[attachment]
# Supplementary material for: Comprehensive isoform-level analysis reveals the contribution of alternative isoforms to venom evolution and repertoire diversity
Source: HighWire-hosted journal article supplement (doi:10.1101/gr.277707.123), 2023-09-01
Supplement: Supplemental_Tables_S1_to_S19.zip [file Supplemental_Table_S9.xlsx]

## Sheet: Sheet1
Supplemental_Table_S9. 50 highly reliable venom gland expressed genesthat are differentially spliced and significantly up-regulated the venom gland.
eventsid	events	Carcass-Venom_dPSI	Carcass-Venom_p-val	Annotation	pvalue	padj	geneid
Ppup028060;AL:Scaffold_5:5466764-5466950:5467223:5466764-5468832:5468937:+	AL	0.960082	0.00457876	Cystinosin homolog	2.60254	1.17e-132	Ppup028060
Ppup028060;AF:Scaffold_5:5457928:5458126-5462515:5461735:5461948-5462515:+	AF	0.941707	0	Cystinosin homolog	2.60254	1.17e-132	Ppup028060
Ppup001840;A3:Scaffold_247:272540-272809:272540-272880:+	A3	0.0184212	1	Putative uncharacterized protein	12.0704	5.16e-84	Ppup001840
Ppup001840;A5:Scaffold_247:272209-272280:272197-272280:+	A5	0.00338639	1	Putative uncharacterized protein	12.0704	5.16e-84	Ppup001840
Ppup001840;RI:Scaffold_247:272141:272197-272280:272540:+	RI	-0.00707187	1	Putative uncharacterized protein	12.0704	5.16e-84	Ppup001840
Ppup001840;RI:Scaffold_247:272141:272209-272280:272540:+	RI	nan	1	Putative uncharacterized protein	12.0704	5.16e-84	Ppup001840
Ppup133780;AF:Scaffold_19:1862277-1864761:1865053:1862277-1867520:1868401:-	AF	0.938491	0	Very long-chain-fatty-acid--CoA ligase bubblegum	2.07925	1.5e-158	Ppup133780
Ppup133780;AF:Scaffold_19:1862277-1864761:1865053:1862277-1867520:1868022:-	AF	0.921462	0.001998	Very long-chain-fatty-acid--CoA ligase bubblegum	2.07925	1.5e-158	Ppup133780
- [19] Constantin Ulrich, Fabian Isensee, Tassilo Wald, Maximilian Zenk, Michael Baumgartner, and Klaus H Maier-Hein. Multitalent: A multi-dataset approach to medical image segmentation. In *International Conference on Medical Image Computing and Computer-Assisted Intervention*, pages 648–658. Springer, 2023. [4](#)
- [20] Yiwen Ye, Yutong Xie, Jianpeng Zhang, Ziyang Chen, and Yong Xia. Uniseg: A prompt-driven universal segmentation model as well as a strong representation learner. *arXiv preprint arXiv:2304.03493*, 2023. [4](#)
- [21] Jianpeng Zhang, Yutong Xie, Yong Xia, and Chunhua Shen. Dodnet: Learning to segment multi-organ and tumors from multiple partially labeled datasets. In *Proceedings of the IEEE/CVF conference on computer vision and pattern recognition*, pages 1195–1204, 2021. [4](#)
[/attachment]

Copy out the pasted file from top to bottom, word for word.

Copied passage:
# Supplementary material for: Comprehensive isoform-level analysis reveals the contribution of alternative isoforms to venom evolution and repertoire diversity
Source: HighWire-hosted journal article supplement (doi:10.1101/gr.277707.123), 2023-09-01
Supplement: Supplemental_Tables_S1_to_S19.zip [file Supplemental_Table_S9.xlsx]

## Sheet: Sheet1
Supplemental_Table_S9. 50 highly reliable venom gland expressed genesthat are differentially spliced and significantly up-regulated the venom gland.
eventsid	events	Carcass-Venom_dPSI	Carcass-Venom_p-val	Annotation	pvalue	padj	geneid
Ppup028060;AL:Scaffold_5:5466764-5466950:5467223:5466764-5468832:5468937:+	AL	0.960082	0.00457876	Cystinosin homolog	2.60254	1.17e-132	Ppup028060
Ppup028060;AF:Scaffold_5:5457928:5458126-5462515:5461735:5461948-5462515:+	AF	0.941707	0	Cystinosin homolog	2.60254	1.17e-132	Ppup028060
Ppup001840;A3:Scaffold_247:272540-272809:272540-272880:+	A3	0.0184212	1	Putative uncharacterized protein	12.0704	5.16e-84	Ppup001840
Ppup001840;A5:Scaffold_247:272209-272280:272197-272280:+	A5	0.00338639	1	Putative uncharacterized protein	12.0704	5.16e-84	Ppup001840
Ppup001840;RI:Scaffold_247:272141:272197-272280:272540:+	RI	-0.00707187	1	Putative uncharacterized protein	12.0704	5.16e-84	Ppup001840
Ppup001840;RI:Scaffold_247:272141:272209-272280:272540:+	RI	nan	1	Putative uncharacterized protein	12.0704	5.16e-84	Ppup001840
Ppup133780;AF:Scaffold_19:1862277-1864761:1865053:1862277-1867520:1868401:-	AF	0.938491	0	Very long-chain-fatty-acid--CoA ligase bubblegum	2.07925	1.5e-158	Ppup133780
Ppup133780;AF:Scaffold_19:1862277-1864761:1865053:1862277-1867520:1868022:-	AF	0.921462	0.001998	Very long-chain-fatty-acid--CoA ligase bubblegum	2.07925	1.5e-158	Ppup133780
- [19] Constantin Ulrich, Fabian Isensee, Tassilo Wald, Maximilian Zenk, Michael Baumgartner, and Klaus H Maier-Hein. Multitalent: A multi-dataset approach to medical image segmentation. In *International Conference on Medical Image Computing and Computer-Assisted Intervention*, pages 648–658. Springer, 2023. [4](#)
- [20] Yiwen Ye, Yutong Xie, Jianpeng Zhang, Ziyang Chen, and Yong Xia. Uniseg: A prompt-driven universal segmentation model as well as a strong representation learner. *arXiv preprint arXiv:2304.03493*, 2023. [4](#)
- [21] Jianpeng Zhang, Yutong Xie, Yong Xia, and Chunhua Shen. Dodnet: Learning to segment multi-organ and tumors from multiple partially labeled datasets. In *Proceedings of the IEEE/CVF conference on computer vision and pattern recognition*, pages 1195–1204, 2021. [4](#)